CHICAGO (CN) – An auto parts manufacturer did not violate the terms of a collective bargaining agreement when it closed a plant in central Illinois and moved production to a nonunionized factory in Kentucky, the 7th Circuit ruled.
ZF Boge Elastmetall, a company that produces rubber and metal brushing, operated two factories – one in Paris, Illinois, the other in Hebron, Kentucky. Approximately 150 workers at the Paris plant were represented by United Auto Workers Local 2343.
In 2007, ZF Boge began studying the consolidation of its operations into one plant. Union members greed to make several concessions which company management suggested would “position [the Paris] plant so that it has the best chance of being chosen to remain open and viable in the long term.” These included a pension freeze and biweekly payroll.
The union did not leave empty-handed, however, securing more generous 401(k) provisions and the addition of five employees to the bargaining unit.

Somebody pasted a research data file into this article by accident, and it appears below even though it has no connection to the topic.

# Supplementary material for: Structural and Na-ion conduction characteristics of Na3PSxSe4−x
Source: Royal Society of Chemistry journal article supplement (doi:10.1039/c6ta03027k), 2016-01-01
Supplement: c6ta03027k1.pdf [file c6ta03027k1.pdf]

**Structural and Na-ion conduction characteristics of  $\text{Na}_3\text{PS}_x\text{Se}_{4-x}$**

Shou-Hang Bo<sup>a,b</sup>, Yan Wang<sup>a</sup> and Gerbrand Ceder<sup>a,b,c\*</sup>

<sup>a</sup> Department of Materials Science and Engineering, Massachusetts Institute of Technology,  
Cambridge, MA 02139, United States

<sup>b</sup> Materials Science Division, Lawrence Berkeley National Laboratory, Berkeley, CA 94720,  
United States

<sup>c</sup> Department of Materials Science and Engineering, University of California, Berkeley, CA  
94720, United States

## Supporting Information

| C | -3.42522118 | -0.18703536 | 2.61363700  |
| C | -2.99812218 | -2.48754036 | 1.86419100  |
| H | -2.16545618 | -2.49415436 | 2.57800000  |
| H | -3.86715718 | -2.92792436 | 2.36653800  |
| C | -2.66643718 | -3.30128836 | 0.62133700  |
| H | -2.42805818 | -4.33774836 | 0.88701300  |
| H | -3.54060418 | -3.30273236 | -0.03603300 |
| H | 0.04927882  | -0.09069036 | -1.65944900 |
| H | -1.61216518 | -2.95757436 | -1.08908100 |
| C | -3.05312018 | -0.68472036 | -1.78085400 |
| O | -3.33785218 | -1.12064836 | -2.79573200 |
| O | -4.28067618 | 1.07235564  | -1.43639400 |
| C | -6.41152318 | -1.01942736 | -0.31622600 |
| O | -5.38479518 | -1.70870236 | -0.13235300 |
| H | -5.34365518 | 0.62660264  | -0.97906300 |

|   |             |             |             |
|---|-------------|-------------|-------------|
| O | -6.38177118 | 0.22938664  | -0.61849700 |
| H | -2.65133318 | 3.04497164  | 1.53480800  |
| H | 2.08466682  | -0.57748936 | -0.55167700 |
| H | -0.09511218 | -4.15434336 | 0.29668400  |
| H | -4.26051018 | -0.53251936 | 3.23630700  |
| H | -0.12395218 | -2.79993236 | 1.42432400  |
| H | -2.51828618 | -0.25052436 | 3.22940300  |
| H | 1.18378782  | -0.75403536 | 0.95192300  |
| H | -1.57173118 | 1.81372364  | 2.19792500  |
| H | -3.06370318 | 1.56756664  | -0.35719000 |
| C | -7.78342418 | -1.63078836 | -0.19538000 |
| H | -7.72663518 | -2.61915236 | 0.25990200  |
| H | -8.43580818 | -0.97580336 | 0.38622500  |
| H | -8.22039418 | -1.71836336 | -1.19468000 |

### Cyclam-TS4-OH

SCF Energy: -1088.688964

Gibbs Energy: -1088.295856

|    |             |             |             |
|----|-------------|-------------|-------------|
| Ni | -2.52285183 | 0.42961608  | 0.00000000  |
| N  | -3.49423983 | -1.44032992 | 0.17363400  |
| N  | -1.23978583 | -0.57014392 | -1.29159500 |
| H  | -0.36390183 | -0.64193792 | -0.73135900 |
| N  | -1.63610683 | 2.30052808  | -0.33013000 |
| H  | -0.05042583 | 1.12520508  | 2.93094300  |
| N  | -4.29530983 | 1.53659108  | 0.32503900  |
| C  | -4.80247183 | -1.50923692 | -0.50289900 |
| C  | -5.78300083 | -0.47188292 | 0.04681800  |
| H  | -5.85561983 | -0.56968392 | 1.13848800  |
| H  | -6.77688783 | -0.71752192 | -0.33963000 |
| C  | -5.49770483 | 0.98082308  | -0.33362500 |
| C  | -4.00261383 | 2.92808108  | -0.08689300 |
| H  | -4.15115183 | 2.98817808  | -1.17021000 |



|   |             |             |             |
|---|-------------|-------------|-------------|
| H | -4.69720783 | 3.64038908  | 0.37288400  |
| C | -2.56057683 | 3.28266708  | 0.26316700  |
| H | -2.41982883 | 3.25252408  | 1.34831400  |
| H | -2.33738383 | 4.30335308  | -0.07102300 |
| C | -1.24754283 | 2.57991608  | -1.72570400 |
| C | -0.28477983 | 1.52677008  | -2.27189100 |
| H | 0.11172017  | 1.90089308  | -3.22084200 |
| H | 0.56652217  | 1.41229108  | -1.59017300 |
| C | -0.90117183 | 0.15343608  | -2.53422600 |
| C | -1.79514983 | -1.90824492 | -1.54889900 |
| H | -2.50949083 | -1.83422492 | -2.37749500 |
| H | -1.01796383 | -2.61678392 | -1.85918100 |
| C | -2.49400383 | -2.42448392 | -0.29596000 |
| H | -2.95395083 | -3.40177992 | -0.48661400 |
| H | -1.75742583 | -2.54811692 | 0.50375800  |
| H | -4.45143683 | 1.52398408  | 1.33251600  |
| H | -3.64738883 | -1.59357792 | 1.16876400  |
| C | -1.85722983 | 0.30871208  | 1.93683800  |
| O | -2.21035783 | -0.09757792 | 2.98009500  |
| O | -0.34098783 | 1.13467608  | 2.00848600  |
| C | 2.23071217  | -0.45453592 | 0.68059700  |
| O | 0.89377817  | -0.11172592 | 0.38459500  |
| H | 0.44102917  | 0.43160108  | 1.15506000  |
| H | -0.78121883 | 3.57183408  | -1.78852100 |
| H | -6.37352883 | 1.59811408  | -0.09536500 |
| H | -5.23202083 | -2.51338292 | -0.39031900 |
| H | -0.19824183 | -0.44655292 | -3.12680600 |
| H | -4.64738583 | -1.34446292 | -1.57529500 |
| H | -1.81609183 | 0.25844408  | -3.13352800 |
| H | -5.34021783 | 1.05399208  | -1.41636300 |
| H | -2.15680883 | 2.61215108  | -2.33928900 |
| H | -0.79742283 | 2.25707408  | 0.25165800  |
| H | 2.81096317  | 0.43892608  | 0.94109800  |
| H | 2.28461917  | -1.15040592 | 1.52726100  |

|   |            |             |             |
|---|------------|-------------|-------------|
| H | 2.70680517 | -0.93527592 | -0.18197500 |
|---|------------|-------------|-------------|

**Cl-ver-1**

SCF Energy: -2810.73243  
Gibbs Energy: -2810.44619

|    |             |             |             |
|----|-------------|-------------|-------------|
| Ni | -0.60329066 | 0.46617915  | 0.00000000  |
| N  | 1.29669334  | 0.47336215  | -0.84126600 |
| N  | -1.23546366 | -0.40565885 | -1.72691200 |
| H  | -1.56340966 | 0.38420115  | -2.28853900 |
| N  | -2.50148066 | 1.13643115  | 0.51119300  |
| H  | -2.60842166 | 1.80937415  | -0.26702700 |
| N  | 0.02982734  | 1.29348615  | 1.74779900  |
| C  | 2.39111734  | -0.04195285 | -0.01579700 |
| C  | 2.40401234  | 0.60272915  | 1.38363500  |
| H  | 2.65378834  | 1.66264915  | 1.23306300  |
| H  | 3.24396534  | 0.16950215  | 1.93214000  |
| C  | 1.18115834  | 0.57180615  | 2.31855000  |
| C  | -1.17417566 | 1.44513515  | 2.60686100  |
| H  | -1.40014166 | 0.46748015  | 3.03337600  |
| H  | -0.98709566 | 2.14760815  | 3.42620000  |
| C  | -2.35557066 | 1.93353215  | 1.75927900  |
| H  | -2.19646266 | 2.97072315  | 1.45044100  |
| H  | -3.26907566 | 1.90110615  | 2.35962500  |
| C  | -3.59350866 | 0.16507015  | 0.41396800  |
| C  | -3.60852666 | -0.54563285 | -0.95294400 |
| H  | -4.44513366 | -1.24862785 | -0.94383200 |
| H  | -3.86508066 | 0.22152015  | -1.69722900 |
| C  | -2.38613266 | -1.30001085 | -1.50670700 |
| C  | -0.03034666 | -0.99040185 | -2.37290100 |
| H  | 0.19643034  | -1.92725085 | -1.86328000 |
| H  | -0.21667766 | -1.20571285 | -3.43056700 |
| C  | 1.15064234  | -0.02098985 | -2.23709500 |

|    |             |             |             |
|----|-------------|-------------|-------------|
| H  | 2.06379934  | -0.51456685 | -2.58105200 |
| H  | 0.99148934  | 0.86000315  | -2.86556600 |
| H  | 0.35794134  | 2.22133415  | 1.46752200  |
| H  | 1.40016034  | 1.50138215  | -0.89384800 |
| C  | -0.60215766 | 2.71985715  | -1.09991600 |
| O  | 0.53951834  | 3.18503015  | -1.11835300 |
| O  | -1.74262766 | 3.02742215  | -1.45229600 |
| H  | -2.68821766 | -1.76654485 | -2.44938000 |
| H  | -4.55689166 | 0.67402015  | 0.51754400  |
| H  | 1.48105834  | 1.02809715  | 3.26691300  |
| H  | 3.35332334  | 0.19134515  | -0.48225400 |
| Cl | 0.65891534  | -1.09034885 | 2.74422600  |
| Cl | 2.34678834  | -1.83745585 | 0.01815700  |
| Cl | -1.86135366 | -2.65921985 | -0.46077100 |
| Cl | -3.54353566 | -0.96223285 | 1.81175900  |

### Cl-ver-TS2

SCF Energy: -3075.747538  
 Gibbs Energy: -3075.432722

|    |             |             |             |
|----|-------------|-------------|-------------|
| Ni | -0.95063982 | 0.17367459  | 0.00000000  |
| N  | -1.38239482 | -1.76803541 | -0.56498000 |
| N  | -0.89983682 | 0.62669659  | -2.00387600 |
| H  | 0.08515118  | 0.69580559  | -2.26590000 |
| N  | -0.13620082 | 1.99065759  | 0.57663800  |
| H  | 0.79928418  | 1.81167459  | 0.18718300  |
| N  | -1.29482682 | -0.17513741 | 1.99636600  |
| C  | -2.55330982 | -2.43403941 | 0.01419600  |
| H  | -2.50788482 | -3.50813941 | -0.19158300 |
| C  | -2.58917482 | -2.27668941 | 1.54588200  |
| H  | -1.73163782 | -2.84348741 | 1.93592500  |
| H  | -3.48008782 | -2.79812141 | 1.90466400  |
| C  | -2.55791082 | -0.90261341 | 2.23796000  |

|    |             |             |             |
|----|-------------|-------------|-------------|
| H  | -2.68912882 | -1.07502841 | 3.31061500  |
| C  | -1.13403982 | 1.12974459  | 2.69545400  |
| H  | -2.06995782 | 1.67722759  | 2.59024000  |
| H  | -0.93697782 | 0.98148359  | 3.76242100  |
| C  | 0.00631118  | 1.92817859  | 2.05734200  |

On June 20, 2007, ZF Boge announced that it would close its Kentucky facility and keep the Paris plant open. Equipment and orders were transferred and the Kentucky plant workforce shrunk by roughly 30 percent.
But in February 2008, negotiation of a new CBA broke down and Paris union employees went on strike. Though the strike soon ended, ZF Boge decided to close the Paris plant and consolidate to Kentucky.
The Paris plant closed in 2009.
United Autoworkers filed suit seeking damages and a court order to reopen the Paris plant.
Illinois federal Judge Michael McCuskey granted summary judgment for ZF Boge, finding that the company’s obligations to the Union ended with the expiration of the CBA in April 2008.
The Chicago-based appeals court affirmed the decision.
“Here, the union and its members did not receive a right to some future benefit unfulfilled during the term of the contract,” wrote Judge Kenneth Ripple. “Rather, they provided ZF Boge with the concessions in exchange for the benefit of the bargain that they received within the mid-term Agreement’s term: The decision to close the Hebron facility and to leave the Paris facility open was made, and the execution of that decision was undertaken. The result was an additional year of survivability at the Paris facility.”